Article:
- Log in
- Sign up
Getting a job in nursing – How do I do it?
There’s more to getting a job in nursing than simply completing a degree. Read on for advice on breaking into the profession.
This blog will tackle the question of how to secure a job as a graduate registered nurse, following the completion of a bachelor’s degree in nursing.
Many years ago, vocational jobs such as nursing were practically guaranteed for recent graduates from training. For example, in 2007, over 95% of graduate nurses found full-time work within four months of finishing their studies. Then, 2012 was the first year a national nursing graduate job crisis was declared, when 30% of nursing graduates did not have a job. Rates of employment then improved slightly, so that by 2014, the percentage of graduate nurses with jobs rose to 80% (though 60% of Tasmanian, and 72% of Queensland graduates were unemployed); but by 2015, the percentage of nursing graduates getting a full-time job within 4 months of graduation again declined to go below 80%.
The head representative body of nurses in Australia, the Australian Nursing and Midwifery Federation have been holding emergency meetings about this situation since 2015, and several problems have been identified as contributing to the ongoing job crisis: budget cuts, the growing impact of a migrant workforce, global economic unrest, a lack of planning by health authorities and a breakdown in communication between hospitals, universities and government ministers.
Evidently, the belief that completing a course will immediately qualify one for a career, especially when it comes to vocational jobs like nursing, is simply quite wrong. It is growing increasingly difficult to find a post-graduate job in nursing, and it is vital to be prepared when trying to find work post-qualification.
The first thing to mention here is the process by which nursing graduates have to go through in order to secure employment post-study. The various hospitals and health districts across Australia do use unique hiring processes, though many graduate programs use a panel interview to determine the successful applicants. It is very worthwhile to check with the hospital or health district that you are applying to and see if they run practice interview sessions.
Importantly, research the hospital you’re applying to, making sure you know their core values and how these might influence the answers you give in an interview. Find out what their graduate program has to offer and if applicable to a question, use this information to highlight why you chose to apply to their program.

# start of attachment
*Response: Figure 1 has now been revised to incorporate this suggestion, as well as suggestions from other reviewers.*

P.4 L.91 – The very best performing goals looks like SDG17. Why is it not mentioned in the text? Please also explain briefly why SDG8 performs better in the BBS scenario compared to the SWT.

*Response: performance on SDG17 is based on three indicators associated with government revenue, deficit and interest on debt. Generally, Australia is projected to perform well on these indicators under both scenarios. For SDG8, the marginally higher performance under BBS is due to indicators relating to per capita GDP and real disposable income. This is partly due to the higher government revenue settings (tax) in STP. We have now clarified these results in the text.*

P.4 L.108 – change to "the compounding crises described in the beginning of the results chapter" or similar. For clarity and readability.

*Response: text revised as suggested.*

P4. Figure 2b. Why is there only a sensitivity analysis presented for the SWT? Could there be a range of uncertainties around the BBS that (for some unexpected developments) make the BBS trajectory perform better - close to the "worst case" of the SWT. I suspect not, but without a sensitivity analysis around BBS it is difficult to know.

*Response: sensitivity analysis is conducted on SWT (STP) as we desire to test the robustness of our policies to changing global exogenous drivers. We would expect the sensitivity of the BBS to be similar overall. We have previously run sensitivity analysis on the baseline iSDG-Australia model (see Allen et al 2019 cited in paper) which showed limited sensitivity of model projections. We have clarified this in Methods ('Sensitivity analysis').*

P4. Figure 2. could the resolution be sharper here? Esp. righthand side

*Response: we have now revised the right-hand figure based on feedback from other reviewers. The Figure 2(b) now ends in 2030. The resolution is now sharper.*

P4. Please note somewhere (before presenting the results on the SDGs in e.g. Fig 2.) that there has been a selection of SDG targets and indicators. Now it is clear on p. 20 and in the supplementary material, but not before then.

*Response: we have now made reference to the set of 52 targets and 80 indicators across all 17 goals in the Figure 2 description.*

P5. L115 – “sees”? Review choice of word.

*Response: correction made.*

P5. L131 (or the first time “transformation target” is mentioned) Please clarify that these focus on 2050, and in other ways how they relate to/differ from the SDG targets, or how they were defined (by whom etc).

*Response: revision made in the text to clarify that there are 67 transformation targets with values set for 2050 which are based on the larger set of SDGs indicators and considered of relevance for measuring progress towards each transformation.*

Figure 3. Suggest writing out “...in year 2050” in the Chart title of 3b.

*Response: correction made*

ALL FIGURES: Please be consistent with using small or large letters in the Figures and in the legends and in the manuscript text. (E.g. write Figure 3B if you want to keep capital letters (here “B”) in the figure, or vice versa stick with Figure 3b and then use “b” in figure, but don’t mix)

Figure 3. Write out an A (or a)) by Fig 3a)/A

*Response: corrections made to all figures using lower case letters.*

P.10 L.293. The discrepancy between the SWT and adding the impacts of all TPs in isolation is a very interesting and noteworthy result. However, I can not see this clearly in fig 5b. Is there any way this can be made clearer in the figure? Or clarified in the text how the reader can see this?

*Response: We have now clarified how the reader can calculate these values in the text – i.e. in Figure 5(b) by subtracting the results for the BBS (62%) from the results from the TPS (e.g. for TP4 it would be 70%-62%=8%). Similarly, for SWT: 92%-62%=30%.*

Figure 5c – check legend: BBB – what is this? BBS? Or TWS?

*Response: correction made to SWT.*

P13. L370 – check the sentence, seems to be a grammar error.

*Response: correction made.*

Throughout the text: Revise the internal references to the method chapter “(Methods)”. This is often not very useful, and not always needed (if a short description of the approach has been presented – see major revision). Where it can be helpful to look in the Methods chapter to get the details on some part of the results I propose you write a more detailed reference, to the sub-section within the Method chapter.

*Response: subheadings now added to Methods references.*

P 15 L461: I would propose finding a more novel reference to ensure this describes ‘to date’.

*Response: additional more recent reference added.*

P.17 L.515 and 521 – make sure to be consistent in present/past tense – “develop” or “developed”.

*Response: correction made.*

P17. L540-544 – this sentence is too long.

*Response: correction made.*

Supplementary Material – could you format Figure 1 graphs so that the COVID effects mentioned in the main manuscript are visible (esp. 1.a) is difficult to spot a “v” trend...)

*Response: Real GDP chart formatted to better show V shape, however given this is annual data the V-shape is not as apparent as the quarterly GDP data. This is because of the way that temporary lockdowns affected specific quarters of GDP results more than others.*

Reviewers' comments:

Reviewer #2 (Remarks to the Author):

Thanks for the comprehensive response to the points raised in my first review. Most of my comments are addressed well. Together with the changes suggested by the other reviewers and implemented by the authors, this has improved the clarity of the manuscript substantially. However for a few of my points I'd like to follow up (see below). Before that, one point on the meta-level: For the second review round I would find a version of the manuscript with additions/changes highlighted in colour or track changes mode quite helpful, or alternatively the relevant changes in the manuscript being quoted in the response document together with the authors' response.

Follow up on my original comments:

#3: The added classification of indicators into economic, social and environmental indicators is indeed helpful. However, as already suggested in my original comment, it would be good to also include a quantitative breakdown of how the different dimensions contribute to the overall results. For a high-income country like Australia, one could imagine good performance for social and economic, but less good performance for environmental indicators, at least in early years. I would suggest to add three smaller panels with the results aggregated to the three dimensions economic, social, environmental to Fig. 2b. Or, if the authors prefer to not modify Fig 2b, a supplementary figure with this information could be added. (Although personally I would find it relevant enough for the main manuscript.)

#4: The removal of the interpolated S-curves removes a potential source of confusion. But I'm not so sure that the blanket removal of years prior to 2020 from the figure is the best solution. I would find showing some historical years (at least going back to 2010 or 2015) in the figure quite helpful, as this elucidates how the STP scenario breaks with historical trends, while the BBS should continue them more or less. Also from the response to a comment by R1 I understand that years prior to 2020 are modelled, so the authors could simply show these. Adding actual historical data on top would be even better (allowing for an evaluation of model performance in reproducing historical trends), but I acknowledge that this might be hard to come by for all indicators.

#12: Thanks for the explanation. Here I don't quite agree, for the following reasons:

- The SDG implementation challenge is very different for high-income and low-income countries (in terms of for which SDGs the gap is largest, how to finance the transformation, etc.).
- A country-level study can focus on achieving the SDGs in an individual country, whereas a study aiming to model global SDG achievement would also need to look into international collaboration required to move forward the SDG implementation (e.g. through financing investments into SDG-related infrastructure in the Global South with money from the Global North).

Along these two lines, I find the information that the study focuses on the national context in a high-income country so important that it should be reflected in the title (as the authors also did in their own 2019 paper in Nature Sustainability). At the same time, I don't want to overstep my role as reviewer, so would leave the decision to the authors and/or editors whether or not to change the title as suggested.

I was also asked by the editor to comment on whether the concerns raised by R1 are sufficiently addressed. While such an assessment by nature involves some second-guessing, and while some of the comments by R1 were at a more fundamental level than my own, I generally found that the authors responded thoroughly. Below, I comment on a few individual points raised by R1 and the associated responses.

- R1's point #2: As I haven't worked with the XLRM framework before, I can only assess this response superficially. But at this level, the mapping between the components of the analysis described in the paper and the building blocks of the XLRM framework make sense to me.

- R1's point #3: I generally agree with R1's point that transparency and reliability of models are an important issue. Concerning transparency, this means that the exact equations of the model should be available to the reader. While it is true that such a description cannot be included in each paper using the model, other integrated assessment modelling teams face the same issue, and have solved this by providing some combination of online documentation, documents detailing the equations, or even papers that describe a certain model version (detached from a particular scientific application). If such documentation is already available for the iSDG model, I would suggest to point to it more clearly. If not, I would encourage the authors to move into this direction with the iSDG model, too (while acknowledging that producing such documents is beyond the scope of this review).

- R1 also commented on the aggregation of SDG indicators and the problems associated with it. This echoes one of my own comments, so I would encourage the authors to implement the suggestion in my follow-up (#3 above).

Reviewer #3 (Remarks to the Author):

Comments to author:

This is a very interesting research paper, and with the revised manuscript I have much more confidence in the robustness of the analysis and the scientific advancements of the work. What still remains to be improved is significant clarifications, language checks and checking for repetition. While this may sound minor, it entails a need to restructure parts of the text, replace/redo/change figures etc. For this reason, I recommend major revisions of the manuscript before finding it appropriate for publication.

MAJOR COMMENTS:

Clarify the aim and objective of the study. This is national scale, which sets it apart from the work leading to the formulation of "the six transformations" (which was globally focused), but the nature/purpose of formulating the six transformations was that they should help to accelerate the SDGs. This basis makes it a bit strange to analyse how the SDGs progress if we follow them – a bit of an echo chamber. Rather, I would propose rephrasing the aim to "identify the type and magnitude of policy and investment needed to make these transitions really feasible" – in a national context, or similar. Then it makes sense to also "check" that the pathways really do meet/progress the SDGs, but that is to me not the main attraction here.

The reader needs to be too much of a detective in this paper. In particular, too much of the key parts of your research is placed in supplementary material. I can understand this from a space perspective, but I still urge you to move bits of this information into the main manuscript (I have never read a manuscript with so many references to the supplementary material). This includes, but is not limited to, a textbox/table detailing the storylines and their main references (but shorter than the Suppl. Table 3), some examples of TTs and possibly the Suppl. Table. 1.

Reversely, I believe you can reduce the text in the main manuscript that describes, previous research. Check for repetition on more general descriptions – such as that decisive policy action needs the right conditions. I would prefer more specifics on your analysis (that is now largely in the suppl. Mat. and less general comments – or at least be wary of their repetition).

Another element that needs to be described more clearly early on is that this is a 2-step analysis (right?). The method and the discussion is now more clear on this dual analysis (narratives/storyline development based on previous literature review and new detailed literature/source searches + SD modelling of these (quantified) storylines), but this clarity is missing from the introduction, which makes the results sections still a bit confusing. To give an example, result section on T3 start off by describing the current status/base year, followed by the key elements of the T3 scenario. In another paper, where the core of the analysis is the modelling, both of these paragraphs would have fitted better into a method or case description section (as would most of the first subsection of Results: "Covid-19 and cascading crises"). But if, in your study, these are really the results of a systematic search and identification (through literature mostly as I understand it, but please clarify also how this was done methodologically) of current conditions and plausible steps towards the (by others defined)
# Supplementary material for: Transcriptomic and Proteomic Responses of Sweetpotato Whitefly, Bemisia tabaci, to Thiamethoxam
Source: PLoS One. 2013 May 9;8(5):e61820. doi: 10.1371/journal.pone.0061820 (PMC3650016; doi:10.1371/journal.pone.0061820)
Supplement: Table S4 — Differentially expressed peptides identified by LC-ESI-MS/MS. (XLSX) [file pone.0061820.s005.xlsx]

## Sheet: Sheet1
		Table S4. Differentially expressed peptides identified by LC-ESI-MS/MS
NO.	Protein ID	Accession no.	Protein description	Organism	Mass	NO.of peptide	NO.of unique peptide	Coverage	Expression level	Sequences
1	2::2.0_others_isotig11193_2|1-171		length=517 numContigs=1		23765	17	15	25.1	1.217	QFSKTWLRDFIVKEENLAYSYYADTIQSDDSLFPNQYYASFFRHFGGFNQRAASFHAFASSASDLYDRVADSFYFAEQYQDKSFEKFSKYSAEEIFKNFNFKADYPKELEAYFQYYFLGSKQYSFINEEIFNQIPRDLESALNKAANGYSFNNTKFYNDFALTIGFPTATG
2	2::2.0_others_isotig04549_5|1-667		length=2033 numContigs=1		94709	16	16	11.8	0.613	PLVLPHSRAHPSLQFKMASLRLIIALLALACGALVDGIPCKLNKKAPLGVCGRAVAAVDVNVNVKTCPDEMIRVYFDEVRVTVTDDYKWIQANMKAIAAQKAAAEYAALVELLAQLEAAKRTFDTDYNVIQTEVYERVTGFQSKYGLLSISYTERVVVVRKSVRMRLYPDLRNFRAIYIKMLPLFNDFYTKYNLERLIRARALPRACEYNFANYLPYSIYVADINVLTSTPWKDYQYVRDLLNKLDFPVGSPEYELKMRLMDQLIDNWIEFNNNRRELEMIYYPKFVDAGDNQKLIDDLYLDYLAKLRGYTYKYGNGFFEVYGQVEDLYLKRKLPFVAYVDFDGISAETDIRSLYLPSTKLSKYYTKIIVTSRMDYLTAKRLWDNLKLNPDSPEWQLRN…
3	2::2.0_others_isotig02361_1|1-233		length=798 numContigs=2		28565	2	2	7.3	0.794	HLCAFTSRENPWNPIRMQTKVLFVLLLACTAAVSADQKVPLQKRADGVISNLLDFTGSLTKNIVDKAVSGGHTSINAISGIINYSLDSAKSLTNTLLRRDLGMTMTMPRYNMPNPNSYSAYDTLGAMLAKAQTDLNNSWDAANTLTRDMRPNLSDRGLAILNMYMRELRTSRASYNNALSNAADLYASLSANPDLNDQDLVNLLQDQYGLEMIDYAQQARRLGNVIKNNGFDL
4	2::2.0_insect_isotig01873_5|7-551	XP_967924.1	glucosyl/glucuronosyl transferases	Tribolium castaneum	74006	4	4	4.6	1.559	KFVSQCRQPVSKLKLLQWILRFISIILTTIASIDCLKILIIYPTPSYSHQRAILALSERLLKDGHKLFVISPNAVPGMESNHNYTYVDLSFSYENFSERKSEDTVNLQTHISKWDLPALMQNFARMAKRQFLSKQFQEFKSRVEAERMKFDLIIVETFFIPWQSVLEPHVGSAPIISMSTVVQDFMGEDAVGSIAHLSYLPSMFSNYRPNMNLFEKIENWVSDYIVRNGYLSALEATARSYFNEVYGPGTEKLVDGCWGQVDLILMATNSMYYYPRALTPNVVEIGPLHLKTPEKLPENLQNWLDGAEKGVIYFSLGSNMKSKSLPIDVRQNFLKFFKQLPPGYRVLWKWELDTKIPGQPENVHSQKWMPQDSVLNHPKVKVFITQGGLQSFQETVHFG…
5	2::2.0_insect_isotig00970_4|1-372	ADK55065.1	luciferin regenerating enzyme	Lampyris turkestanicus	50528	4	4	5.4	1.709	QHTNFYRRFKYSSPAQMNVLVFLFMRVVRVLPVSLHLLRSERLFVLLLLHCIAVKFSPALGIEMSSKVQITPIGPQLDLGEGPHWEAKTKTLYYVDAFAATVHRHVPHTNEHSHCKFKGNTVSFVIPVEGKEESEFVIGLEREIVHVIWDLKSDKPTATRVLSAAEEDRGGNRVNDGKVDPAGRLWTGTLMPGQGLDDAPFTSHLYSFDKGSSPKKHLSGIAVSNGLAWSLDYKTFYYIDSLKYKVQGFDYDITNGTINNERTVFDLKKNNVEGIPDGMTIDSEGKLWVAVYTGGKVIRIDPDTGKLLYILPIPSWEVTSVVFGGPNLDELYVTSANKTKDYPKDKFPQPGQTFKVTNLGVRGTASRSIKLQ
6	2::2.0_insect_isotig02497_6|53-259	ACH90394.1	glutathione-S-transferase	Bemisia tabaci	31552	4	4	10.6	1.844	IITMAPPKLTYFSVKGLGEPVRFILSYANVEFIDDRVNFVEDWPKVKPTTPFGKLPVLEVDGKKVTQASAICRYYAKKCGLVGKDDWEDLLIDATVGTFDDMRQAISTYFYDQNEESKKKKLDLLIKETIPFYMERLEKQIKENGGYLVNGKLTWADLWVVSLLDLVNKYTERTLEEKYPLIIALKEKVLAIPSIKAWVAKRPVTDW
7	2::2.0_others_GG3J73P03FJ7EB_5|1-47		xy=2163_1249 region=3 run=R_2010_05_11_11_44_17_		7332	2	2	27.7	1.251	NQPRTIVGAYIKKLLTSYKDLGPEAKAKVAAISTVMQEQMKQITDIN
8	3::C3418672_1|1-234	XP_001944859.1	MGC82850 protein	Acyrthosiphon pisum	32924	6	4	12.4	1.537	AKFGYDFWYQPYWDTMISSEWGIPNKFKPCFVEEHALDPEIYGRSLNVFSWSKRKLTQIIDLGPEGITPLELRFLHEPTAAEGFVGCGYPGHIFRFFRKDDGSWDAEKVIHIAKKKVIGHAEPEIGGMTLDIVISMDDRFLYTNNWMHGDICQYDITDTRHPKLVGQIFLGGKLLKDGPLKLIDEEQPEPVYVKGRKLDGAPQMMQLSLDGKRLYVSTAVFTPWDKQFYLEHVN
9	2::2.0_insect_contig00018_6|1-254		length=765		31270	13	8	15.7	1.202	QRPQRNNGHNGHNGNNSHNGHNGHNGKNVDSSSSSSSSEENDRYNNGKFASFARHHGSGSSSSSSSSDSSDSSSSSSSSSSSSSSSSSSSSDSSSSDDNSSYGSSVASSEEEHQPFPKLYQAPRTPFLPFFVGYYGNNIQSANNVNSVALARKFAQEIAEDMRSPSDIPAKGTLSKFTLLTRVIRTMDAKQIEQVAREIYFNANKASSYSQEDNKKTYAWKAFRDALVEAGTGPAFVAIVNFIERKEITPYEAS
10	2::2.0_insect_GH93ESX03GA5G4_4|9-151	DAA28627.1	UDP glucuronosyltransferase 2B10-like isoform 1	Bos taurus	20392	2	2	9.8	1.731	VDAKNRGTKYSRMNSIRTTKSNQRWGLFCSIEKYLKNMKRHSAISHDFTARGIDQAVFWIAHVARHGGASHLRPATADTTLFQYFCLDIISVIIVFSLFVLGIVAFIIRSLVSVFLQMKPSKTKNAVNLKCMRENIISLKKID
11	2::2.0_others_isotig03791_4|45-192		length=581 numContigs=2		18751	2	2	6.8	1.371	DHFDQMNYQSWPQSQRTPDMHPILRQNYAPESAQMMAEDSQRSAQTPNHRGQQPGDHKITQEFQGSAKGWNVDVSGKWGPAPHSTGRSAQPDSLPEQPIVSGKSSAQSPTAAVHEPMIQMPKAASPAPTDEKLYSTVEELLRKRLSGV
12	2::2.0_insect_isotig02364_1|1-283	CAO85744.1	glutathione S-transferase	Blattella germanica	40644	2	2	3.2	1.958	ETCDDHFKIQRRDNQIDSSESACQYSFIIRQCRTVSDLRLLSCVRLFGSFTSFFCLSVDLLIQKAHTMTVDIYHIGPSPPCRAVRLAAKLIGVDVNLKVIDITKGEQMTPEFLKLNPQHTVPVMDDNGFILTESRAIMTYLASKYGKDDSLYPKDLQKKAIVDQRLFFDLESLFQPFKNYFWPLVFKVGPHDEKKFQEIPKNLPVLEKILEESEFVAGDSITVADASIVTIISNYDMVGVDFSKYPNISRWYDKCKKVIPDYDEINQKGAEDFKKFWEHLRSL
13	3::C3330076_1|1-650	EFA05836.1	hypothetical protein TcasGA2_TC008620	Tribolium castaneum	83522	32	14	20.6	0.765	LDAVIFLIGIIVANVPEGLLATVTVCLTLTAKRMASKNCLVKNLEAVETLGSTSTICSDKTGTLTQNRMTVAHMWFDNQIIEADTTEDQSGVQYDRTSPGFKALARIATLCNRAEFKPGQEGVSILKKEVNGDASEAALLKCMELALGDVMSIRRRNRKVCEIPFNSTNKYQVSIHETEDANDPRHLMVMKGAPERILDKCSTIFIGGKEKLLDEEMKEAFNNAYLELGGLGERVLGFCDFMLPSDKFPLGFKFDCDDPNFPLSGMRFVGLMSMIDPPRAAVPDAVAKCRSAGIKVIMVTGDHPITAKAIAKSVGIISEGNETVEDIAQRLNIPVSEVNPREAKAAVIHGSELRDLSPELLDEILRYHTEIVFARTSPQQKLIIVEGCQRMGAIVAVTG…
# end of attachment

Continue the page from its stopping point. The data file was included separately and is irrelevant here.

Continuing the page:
The scope of questions, and the structure of the interview, is quite profound across different sites. For example, the QLD Mater Health Services graduate recruitment is a four-pronged approach, which includes a team activity, a role play activity, a one-on-one interview and a paper-based activity. Whilst nursing recruiters at Victor’s Epworth HealthCare centre, as a not-for-profit private healthcare provider, ask questions about customer service and the values of the organisation.
Meanwhile the Metro North Hospital and Health Service in Queensland focus questions on working within a scope of practice, where nurses are asked to talk about tasks that they are not familiar with, and how they would prepare performing these. In order to apply to graduate programs, this does vary state-by-state, but some jurisdictions, such as the postgraduate medical council of Victoria offer a computer matching process for public hospitals.
Private hospitals don’t participate in computer match but offer graduate positions directly. These facilities are usually smaller than the major metropolitan hospitals and may provide more personalised support, and it is important to check their website to find out information on how to apply or phone their graduate program educator/coordinator.
Finally a few tips on making yourself the best candidate that you can be is below!
- Curriculum Vitae: Take on as many extra training and study opportunities as possible to improve your CV and make your application stronger. Examples include stroke certification and blood withdrawal.
- Student clinical placements: It is vital to take advantage of these, as impressing on a placement could increase the chances of finding work at that institution after graduation.
- Portfolio: It’s useful to be able to show an interview panel a portfolio, as well as a CV. This should include letters of recommendation, details of courses, certificates, and reports from volunteer placements.
- Work: Working as an assistant in nursing (AIN) or personal care assistant can help you develop skills in building therapeutic relationships and time management. Many hospitals now employee undergraduate AINs, so keep an eye out for advertised positions, especially any in the local healthcare district (LHD) you are planning on applying to for a graduate position. If you are not working part-time, look for volunteering opportunities, particularly in a health-related field, or any leadership or mentoring positions within your university.
Elliot DE is a current PhD Candidate, Medical Doctor & Law Graduate. He is also a Humanities Tutor at GradReady Preparation Courses.